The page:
A federal judge will hear arguments July 22 on the request by the U.S. Department of Justice to block Arizona's new immigration law from taking effect.
At a hearing Wednesday, U.S. District Court Judge Susan Bolton ordered the newest of the challenges to SB 1070 transferred to her court. That puts her in control of all six lawsuits already filed.
Bolton also gave Gov. Jan Brewer until July 20 to respond to the arguments by the Department of Justice that the law illegally infringes on the exclusive right of the federal government to control immigration policy.
That July 22 hearing actually will be the third time that Bolton will hear arguments to enjoin the law.
She already has scheduled a hearing for a week from Thursday on a similar motion by David Salgado. The Phoenix police officer contends his rights are being violated by a requirement in the law that he ask those he has stopped about their immigration status when there is "reasonable suspicion" they are in this country illegally. Salgado also said another section of SB 1070 puts him at risk of being sued if he doesn't enforce the law "to the fullest extent permitted by federal immigration law."
And Bolton already agreed to hear arguments earlier in the day on July 22 from attorneys from three civil rights groups who contend not only that the state has exceeded its legal authority but that SB 1070 will lead to racial profiling.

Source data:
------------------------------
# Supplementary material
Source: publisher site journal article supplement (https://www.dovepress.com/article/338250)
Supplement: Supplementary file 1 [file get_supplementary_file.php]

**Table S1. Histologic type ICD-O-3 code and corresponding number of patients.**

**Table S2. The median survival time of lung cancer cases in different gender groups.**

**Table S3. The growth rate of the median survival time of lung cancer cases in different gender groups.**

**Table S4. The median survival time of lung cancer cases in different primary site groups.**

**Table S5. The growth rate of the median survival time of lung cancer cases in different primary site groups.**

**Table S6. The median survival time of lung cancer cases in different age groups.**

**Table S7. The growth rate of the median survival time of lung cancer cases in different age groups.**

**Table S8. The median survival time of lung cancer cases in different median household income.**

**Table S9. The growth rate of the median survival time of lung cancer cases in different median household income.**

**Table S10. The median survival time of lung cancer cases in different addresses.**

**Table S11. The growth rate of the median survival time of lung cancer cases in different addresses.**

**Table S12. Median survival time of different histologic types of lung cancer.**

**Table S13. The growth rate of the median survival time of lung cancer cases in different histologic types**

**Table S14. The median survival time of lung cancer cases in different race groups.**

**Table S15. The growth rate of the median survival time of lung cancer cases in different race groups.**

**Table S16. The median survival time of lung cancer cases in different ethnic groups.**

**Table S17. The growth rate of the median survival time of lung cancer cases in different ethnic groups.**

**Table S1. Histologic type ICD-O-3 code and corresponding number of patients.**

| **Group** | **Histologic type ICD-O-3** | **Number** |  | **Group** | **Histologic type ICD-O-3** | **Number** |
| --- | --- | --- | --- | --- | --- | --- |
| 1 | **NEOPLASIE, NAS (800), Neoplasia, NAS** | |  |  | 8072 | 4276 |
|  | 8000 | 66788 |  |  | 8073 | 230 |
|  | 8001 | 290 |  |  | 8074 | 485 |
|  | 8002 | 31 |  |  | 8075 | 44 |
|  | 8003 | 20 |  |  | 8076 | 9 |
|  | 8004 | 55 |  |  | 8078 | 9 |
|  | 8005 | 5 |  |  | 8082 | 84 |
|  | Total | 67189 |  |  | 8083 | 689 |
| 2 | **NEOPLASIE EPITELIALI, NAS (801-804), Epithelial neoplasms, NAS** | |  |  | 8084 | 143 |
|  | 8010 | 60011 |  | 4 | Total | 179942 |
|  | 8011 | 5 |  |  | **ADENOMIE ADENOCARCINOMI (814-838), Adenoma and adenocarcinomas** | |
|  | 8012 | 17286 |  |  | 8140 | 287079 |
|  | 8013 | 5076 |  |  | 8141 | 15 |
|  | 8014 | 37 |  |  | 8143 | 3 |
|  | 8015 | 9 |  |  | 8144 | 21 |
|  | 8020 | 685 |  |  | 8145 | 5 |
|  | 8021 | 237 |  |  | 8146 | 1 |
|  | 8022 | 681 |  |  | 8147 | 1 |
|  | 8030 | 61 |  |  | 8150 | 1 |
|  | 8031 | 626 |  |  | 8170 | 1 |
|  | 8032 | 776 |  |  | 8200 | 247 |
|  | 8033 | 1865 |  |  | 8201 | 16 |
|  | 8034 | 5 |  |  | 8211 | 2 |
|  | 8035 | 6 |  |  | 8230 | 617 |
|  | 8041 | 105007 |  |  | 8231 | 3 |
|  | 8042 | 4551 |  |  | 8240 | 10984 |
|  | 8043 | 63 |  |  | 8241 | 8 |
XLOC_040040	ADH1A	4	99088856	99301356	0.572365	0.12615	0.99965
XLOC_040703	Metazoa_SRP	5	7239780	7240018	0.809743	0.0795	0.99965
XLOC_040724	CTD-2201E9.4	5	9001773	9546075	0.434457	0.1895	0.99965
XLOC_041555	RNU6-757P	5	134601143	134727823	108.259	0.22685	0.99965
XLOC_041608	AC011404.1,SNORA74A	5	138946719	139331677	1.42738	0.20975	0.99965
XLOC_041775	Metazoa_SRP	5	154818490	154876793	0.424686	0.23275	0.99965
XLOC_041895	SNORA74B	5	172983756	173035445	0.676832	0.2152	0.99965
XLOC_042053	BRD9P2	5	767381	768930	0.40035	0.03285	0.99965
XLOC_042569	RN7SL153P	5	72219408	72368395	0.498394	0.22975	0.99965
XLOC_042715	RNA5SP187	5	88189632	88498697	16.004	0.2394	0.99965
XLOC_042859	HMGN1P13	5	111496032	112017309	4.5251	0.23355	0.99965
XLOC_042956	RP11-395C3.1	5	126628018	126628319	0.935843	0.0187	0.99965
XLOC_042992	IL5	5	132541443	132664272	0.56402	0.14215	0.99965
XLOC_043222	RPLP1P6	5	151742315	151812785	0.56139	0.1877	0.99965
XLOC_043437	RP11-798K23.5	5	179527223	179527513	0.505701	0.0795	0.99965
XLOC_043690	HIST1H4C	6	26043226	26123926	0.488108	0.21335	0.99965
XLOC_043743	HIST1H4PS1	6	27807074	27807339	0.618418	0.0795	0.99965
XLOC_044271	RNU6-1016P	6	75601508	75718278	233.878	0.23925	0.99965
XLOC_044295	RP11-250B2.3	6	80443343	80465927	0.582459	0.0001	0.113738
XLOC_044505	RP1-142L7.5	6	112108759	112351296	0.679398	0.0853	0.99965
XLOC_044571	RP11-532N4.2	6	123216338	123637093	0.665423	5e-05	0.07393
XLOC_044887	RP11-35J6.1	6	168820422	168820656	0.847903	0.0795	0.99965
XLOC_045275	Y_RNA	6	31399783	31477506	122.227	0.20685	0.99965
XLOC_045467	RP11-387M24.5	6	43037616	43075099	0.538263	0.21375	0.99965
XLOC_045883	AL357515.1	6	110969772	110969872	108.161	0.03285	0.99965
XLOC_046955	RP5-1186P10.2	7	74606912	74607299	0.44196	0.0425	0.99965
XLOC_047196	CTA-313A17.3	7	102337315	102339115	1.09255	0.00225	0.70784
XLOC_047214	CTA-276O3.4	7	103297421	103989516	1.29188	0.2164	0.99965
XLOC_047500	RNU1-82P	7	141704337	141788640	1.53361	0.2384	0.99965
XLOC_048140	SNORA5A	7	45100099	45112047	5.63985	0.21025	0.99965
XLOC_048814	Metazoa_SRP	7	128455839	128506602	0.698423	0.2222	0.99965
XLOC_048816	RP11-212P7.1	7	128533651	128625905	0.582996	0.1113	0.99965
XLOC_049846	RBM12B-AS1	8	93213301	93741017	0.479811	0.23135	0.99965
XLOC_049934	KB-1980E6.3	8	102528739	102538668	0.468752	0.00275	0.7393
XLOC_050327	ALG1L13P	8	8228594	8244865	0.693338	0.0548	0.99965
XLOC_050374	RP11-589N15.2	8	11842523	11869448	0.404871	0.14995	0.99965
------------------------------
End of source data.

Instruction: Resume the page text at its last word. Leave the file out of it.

But Bolton told attorneys in the newest case Wednesday that, given the time involved, she may be unable to rule on their request for an injunction before the law takes effect on July 29.
Generally speaking, a judge must consider two issues when deciding on a request to block enforcement of a new law.
One is what courts call the "balance of hardships," which essentially comes down to whose interests will be more hurt. Attorneys for the Department of Justice argued in their pleadings that if SB 1070 takes effect it will "inflict irreparable injury on the United States' ability to manage foreign policy." They also say it will "harm U.S. interests by imposing special burdens on lawfully present aliens."
The state has not yet responded to the latest lawsuit. But in a response to the Salgado request for an injunction, attorneys for Brewer argued that any claim of irreparable harm is "speculative."
That, however, is only half the issue. A judge must also consider which side is more likely to win when the entire case goes to trial.
Such a trial is not likely to take place for months, whether or not Bolton agrees to block enforcement of the law in the interim.